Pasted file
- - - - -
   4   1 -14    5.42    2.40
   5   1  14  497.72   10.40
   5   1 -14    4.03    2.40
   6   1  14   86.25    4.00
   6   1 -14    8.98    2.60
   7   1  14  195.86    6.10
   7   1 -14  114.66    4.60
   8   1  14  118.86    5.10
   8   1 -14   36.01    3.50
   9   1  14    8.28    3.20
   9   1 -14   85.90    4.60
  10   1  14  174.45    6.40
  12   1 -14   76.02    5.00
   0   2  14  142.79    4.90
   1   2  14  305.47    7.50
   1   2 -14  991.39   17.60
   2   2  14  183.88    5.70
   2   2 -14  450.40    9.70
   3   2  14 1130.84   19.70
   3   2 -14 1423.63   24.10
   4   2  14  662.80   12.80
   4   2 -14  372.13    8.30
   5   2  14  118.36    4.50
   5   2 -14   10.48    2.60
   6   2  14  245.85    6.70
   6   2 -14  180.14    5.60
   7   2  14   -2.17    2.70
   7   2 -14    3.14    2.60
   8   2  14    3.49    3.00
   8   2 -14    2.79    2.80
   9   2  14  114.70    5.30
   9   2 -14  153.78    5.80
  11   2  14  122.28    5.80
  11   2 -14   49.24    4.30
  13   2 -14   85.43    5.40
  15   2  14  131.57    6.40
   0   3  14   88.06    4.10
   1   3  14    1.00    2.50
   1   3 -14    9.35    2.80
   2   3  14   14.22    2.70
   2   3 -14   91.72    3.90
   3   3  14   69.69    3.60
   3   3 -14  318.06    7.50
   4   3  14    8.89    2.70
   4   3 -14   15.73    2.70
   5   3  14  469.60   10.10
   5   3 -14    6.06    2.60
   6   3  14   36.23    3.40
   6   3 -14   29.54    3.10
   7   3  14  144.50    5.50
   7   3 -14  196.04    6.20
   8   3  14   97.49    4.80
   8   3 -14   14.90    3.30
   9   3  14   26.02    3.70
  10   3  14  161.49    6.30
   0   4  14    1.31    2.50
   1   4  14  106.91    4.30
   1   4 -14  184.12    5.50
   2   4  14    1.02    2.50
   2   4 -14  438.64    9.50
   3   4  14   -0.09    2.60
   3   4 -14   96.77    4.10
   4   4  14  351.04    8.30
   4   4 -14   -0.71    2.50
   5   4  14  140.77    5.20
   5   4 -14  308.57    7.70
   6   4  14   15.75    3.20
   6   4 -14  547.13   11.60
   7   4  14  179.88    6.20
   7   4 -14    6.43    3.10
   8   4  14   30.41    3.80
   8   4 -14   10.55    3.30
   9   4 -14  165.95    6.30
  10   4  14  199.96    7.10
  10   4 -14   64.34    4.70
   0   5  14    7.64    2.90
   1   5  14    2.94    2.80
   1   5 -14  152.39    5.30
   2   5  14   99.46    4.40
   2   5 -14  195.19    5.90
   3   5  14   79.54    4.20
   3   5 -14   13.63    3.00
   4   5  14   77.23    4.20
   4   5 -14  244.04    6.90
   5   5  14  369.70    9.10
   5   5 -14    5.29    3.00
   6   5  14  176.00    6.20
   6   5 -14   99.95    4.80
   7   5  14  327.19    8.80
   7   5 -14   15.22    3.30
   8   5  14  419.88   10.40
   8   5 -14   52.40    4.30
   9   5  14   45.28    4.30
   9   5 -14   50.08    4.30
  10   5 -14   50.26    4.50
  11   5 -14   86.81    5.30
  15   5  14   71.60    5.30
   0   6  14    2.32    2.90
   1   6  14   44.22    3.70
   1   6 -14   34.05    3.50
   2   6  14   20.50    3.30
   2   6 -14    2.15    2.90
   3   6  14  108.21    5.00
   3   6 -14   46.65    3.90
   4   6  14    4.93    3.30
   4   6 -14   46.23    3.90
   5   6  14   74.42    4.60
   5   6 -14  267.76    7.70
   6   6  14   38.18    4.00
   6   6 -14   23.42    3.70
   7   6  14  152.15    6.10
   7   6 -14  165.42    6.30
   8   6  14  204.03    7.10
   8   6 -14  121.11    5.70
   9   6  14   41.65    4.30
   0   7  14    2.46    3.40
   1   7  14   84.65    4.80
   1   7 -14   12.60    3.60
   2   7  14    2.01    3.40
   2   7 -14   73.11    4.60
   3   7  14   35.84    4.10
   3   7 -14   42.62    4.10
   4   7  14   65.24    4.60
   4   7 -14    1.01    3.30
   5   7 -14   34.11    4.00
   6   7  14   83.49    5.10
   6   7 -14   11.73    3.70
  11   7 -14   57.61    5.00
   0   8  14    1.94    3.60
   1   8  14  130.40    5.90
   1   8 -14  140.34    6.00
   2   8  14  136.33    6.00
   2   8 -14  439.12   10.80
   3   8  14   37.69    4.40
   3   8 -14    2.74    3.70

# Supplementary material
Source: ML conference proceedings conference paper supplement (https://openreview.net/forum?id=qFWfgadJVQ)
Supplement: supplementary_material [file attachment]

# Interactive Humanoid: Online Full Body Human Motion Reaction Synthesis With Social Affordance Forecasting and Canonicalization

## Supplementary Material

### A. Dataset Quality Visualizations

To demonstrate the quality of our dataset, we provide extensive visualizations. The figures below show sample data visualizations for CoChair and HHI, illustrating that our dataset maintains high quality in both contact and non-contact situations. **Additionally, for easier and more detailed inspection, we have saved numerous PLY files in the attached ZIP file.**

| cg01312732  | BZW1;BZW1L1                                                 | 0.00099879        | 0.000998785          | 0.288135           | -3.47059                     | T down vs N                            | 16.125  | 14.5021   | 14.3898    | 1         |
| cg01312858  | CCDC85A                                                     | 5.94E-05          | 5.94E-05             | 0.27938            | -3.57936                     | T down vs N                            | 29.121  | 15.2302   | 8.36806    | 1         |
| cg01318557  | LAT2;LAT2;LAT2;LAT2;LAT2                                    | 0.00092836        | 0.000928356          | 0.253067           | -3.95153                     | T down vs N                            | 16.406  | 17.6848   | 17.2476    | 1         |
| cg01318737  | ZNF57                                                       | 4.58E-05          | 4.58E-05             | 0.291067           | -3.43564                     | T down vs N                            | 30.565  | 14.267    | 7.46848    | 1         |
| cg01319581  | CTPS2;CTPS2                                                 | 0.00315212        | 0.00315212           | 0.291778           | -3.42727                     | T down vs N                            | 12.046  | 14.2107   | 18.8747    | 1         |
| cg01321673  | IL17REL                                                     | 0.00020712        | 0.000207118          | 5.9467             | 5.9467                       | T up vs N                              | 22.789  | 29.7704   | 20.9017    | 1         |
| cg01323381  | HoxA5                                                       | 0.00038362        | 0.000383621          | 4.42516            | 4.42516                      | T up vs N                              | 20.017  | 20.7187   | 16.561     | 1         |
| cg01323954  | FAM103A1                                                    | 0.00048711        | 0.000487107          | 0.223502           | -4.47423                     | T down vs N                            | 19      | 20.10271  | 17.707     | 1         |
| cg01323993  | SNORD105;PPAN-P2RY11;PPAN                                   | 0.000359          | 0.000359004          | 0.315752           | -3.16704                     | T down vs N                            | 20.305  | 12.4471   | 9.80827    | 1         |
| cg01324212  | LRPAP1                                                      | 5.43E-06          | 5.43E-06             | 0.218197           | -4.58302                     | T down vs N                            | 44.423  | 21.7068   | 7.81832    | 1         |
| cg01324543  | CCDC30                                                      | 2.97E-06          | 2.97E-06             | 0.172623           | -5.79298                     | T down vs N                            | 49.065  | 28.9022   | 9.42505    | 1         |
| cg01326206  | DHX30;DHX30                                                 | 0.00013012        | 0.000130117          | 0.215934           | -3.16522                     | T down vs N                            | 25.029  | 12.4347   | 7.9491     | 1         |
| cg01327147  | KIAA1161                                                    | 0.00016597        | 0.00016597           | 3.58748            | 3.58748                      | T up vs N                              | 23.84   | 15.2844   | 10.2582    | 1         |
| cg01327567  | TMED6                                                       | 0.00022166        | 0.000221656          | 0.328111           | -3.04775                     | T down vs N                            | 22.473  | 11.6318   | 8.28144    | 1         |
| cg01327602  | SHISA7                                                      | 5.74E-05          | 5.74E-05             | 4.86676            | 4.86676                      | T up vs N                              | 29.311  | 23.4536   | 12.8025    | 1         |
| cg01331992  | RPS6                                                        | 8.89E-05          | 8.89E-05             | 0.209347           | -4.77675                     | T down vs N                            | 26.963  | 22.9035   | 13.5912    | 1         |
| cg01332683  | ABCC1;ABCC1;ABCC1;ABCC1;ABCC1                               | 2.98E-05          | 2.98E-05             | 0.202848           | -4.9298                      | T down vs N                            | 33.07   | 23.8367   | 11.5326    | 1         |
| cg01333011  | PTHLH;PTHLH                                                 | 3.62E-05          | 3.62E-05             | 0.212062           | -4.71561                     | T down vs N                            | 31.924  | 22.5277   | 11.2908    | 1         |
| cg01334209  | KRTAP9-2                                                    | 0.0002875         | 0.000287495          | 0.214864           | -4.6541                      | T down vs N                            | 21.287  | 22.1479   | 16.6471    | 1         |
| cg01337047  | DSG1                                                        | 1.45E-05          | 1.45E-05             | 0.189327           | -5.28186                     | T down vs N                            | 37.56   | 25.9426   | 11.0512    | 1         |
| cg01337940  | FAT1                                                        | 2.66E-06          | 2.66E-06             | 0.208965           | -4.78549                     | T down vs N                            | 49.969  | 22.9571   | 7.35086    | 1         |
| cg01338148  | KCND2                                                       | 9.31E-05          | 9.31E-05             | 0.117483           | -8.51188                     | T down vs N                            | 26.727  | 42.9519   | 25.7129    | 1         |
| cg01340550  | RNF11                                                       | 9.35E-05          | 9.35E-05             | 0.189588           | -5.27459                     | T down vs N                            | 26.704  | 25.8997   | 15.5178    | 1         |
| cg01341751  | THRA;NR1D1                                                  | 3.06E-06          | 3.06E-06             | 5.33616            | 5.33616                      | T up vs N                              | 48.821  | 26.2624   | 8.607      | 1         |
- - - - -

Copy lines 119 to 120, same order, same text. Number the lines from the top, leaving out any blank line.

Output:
   2   7  14    2.01    3.40
   2   7 -14   73.11    4.60